Jump to content
TableTalk

Washington DC - Estate Issues

Recommended Posts

Good Day,

My father died testate in Wasington DC in early 2014. As the joint owner of my dad's checking and investment account, my sister (personal rep) took me to court in 2014 to dispute the survivorship because the bank could not produce a 20 year old signature card probably due to multiple bank mergers. Despite having bank statements; letters from the bank; and other joint instruments stating that I'm the owner of the account, the court has considered my sister's challenge. While we are debating that issue, my sister undersold the Washington, DC home in Spring 2014 and to date she and her lawyer has not given interested parties an accounting. I have no clue what her lawyer is charging the estate to defend my sister. My sister also told me that she will keep me in court until all the money is gone if I don't turn the joint account funds over to the estate. The very next day (this past Friday) she distributed money from the estate to one interested party and there is a total of 5 parties who are entitled, per my dad's will. The estate is currently "unsupervised" and I would like to file a petition for "supervised". Do I have grounds to do so as it is now going on two years and the interested parties are in the dark. Can her lawyer delay giving interested parties an accounting due to the bank account dispute? Thank you.

Share this post


Link to post
Share on other sites

Yes, you do have grounds to do so, but it's best if you have your own attorney do it for you.  The bank account dispute can not be used as grounds for a delay.  Eventually she is going to have to provide one.  Does this estate have debts that need to be paid?  She can not legally withhold a distribution to beneficiaries and is perilously close to committing breach of fiduciary duty.  Your attorney can advise you on what needs to be done next.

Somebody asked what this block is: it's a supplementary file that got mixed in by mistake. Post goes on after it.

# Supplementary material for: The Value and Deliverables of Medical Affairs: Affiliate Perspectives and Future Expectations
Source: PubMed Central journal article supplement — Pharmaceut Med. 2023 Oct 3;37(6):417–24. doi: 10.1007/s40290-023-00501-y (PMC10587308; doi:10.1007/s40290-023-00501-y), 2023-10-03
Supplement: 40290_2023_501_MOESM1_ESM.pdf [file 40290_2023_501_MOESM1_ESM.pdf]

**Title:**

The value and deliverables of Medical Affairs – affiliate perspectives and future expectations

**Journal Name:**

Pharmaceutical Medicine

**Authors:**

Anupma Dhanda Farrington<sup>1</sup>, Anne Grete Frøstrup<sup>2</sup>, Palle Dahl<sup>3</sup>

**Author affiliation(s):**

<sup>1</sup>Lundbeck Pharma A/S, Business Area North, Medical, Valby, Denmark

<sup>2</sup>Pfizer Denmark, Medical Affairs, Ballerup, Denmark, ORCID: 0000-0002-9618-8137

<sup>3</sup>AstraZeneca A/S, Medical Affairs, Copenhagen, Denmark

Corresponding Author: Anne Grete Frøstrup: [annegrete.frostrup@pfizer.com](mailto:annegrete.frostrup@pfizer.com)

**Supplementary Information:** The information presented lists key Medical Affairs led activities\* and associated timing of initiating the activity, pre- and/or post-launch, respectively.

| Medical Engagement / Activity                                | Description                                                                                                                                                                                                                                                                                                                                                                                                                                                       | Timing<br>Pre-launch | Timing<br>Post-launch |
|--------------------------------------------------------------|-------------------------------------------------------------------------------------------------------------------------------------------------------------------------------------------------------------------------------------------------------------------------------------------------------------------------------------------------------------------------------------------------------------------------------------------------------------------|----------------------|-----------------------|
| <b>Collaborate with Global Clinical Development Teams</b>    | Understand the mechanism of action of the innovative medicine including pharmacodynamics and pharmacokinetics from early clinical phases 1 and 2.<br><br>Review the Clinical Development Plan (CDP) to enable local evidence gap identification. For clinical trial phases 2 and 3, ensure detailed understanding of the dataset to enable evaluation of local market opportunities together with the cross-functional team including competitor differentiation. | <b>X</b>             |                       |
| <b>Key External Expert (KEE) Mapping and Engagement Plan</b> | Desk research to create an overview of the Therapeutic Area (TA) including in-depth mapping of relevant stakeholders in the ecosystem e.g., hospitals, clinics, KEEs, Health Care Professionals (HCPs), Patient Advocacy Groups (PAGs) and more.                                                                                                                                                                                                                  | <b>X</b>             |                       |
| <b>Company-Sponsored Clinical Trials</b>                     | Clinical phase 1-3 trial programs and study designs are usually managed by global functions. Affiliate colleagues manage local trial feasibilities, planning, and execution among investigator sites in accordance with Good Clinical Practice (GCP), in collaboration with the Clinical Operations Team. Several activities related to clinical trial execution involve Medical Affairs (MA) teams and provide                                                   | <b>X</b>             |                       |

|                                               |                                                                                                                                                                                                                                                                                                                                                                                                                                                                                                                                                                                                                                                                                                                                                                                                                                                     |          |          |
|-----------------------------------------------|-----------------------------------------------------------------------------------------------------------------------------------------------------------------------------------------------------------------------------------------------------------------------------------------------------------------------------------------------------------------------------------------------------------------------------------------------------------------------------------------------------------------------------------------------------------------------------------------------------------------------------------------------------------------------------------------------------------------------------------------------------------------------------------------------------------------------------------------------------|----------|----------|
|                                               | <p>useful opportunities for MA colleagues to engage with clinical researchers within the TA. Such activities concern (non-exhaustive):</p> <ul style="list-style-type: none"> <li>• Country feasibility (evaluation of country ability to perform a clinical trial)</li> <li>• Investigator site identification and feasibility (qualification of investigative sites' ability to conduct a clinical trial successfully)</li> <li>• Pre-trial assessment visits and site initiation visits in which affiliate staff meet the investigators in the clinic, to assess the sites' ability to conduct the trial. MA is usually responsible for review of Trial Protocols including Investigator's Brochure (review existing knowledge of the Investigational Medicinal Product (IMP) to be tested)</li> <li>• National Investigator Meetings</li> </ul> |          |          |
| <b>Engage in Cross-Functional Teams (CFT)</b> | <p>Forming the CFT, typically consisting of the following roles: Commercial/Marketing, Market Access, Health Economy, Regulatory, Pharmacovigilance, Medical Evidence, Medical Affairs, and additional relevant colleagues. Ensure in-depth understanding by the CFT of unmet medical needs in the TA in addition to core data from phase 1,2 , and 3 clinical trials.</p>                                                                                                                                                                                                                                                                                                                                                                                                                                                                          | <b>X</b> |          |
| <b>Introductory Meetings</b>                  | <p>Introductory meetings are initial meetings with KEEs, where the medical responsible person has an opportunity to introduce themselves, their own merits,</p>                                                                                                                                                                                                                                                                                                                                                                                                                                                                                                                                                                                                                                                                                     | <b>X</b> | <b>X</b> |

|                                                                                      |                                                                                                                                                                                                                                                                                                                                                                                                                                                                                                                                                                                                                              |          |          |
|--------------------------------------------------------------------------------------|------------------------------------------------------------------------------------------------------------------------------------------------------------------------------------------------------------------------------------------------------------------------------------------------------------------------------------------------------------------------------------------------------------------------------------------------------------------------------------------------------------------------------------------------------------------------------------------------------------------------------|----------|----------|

Share this post


Link to post
Share on other sites

As the joint owner of my dad's checking and investment account, my sister (personal rep) took me to court in 2014 to dispute the survivorship because the bank could not produce a 20 year old signature card probably due to multiple bank mergers.

 

What you've written here is that your sister is/was "the joint owner of [your] dad's checking and investment account."  But I don't think that's what you meant.  Am I correct?

 

 

 

Despite having bank statements; letters from the bank; and other joint instruments stating that I'm the owner of the account, the court has considered my sister's challenge.

 

Of course the court is going to consider her challenge.  Whether your evidence or her evidence ultimately carries the day is what the court exists to determine.

 

 

 

While we are debating that issue, my sister undersold the Washington, DC home in Spring 2014 and to date she and her lawyer has not given interested parties an accounting.

 

Ok...have you filed appropriate papers with the probate court to compel her to provide an accounting (assuming that one was required since the date of the sale)?  If so, what was the outcome?  If not, why not?

 

 

 

I have no clue what her lawyer is charging the estate to defend my sister.

 

Defend her against what?

 

 

 

The estate is currently "unsupervised" and I would like to file a petition for "supervised". Do I have grounds to do so[?]

 

One would have to review or be familiar with DC probate law to know for sure, but I certainly suspect you do.  Any reason you (apparently) haven't consulted with a local attorney to discuss this?

 

 

 

Can her lawyer delay giving interested parties an accounting due to the bank account dispute?

 

Her lawyer has no obligation whatsoever to provide accountings.  She does.

Share this post


Link to post
Share on other sites

Good Day,

Thank you for your responses.

1. I am the joint owner of the accounts, the bank is unable to provide a signature card but have statements, withdrawal and deposits slips dating back to the 80's.

 

2. She has not proven to the court any evidence that the joint account does not exist.

 

3. I've asked my attorney several times to file papers requesting an accounting. I initially went into court without an attorney and gave testimony and hired an attorney after realizing that this would not be solved overnight. I recently learned that the attorney did not bother to read transcripts from the first hearing. I was told that my attorney had to file the papers.